Chesapeake High School’s new principal has a simple goal: make a positive impact.
John Yore, who for the past seven years was the principal at Meade High School in Fort Meade, was appointed to the position at CHS over the summer. He replaces Stephen Gorski who is now an assistant principal at South River High School.
Yore spent the summer talking to parents, students, teachers and members of the community to identify what’s great, what’s good and what can be better at CHS.
“The last thing I want to do is come in and change things just for the sake of change,” Yore said. “There’s a lot more good things happening here than problems.”
With that in mind, his initial effort is aimed at establishing and developing connections within the classrooms and throughout the hallways.
“This first week of school, it hasn’t just been a lot of going over a syllabus; it hasn’t been just rules,” Yore explained. “It’s been about building relationships and building trust.
“Certainly the academics are a critical part of what we do, but even before that, one of the things that I feel very strongly about is the importance of focusing on a foundation that supports the psychosocial and emotional wellbeing of students,” he explained.
Born and raised in the Washington, D.C. area, Yore got into education because he enjoyed serving young people and serving the community, passions he discovered as a student at Largo High School.
“When I was at Largo, I was involved in the Maryland Special Olympics,” Yore explained. “I became involved working with students with disabilities, or students who had unique challenges very early in my life, and I really enjoyed working with young people. So when I finished my education, I had the opportunity to work as a motor development specialist in Prince George's County.”
The early parts of his career continue to serve as a foundation for his beliefs and approach as a principal. As a special education teacher, he taught motor development and adaptive PE. In the mid-‘80s in Prince George’s County, his first assignment was working at a hospital's adolescent psychiatric ward.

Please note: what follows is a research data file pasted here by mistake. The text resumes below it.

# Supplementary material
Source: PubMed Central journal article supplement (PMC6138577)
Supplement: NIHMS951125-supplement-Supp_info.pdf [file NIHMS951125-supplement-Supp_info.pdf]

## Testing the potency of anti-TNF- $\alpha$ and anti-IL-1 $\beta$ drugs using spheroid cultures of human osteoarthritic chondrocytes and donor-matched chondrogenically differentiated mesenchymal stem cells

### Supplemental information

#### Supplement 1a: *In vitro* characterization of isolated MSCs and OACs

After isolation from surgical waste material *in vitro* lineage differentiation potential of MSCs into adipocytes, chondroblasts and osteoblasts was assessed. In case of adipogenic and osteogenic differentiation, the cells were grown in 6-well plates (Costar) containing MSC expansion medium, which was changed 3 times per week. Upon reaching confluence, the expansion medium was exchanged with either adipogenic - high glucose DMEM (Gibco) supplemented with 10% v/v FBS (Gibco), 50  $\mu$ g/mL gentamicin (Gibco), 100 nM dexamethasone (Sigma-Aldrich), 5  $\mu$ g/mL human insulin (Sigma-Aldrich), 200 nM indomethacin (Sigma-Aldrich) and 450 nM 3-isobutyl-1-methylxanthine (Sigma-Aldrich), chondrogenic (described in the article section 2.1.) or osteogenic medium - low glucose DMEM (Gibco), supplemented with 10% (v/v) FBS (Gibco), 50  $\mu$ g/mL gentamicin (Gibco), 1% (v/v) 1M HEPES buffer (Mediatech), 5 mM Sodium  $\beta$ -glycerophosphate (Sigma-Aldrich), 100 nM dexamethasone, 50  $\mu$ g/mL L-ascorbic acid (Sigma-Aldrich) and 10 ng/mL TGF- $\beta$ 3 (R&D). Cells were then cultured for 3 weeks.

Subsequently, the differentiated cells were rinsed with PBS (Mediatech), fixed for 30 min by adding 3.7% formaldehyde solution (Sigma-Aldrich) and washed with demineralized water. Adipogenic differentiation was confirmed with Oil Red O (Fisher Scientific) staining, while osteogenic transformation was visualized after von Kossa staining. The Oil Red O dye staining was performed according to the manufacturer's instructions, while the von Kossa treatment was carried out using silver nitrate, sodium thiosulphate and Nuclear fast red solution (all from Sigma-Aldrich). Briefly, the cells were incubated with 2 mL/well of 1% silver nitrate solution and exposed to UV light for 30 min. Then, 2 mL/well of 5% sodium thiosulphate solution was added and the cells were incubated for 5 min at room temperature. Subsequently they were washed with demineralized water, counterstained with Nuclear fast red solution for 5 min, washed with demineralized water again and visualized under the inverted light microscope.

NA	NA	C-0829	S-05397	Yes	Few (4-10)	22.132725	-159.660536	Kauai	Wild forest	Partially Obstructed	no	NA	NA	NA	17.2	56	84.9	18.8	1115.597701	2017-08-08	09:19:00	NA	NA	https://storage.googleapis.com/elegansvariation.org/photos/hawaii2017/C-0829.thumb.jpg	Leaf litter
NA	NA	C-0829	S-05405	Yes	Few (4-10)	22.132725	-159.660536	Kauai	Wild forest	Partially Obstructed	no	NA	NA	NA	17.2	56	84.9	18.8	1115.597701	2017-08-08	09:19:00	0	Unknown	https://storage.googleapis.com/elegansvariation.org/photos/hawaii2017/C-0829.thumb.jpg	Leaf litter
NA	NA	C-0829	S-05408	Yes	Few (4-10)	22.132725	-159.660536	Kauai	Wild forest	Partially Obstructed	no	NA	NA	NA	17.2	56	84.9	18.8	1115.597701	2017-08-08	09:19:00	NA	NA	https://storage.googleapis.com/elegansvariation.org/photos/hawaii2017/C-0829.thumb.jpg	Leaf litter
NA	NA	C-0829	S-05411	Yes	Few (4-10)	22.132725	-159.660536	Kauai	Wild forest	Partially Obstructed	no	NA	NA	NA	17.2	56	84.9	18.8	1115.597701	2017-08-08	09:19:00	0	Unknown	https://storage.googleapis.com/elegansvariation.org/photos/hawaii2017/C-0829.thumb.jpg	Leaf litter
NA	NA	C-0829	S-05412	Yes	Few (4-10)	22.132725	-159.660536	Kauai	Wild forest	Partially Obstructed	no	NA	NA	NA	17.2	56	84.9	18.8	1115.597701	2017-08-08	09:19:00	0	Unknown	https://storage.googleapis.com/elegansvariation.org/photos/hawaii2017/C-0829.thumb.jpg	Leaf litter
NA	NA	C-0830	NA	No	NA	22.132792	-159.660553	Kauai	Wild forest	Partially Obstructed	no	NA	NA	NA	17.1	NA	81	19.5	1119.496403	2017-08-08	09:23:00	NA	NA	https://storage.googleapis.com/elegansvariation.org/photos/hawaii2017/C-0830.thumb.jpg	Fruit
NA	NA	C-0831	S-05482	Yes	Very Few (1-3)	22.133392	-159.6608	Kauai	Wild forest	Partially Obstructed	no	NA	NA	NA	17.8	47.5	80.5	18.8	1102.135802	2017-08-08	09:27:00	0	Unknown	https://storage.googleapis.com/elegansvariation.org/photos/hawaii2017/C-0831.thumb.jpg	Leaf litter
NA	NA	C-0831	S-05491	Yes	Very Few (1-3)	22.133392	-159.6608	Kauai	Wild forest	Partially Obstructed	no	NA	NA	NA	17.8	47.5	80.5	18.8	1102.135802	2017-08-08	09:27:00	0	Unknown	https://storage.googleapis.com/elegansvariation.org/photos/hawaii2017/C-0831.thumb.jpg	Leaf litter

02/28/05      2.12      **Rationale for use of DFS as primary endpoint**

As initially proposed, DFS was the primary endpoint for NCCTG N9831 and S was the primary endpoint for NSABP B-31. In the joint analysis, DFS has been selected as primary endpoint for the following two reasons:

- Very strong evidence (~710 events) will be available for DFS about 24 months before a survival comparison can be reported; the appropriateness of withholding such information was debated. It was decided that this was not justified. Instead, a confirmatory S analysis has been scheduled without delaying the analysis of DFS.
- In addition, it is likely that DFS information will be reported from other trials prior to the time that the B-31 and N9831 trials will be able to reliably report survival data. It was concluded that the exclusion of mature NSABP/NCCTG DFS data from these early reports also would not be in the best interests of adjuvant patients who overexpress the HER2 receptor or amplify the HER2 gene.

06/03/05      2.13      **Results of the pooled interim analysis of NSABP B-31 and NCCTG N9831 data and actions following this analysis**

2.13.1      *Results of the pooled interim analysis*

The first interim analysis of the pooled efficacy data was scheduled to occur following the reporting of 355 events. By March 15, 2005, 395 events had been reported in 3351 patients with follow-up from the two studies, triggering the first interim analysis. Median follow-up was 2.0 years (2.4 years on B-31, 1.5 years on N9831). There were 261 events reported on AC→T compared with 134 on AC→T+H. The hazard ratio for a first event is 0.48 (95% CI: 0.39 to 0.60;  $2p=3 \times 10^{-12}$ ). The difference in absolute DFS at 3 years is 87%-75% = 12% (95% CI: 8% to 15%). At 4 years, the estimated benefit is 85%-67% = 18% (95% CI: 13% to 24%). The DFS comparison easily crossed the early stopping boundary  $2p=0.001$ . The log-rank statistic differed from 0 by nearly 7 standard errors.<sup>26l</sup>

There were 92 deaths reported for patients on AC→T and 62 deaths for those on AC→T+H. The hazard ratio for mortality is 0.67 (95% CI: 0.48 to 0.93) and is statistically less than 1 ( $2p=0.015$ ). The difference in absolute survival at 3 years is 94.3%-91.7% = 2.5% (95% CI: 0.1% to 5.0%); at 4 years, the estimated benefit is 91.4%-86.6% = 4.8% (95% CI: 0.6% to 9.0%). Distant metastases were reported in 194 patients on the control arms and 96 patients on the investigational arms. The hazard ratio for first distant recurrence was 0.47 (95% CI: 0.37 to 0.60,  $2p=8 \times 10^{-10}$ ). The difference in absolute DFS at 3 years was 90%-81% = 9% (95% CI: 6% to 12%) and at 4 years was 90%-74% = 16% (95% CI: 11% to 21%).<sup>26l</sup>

“That being my first experience as an educator really had an eye-opening impact on me,” Yore said. “I certainly realized that there are so many things that can impact children.”
From that point, he loved being in the classroom and had no plans on being an administrator. However, in his 12th year of teaching, he had an opportunity and ended up doing some administrative work that changed the course of his career.
“Within three or four weeks, I realized how much I loved it,” he said. “While I loved my classroom and my specific group of students, having an administrative role within the school meant that I was able to actually have more contact with more students, more teachers and more of the community as a whole. I became really immersed in it and I really liked it.”
Now he’s focused on ensuring every student has a safe and meaningful experience every day in order to maximize their ability to learn and achieve.
“For me, it’s one of the moral imperatives that I believe,” said Yore. “We can’t afford to have a single student come into this building and not have a connection. We [must] figure out how to support them and connect them to something or someone.”
When Yore says every student, he means every student.
“Ninety-eight percent sounds really good,” Yore said. “But if I look at the 2% who aren’t being successful and [my son or daughter] is on that list, 98% doesn’t sound so good anymore. When you look at statistics, 90 to 100 is a really good statistic. But when it involves a human being, 100 is the only good number.”
Yore thinks the students at Chesapeake are some “pretty phenomenal young people,” and now that school's in session, he is excited to have the opportunity to lead them.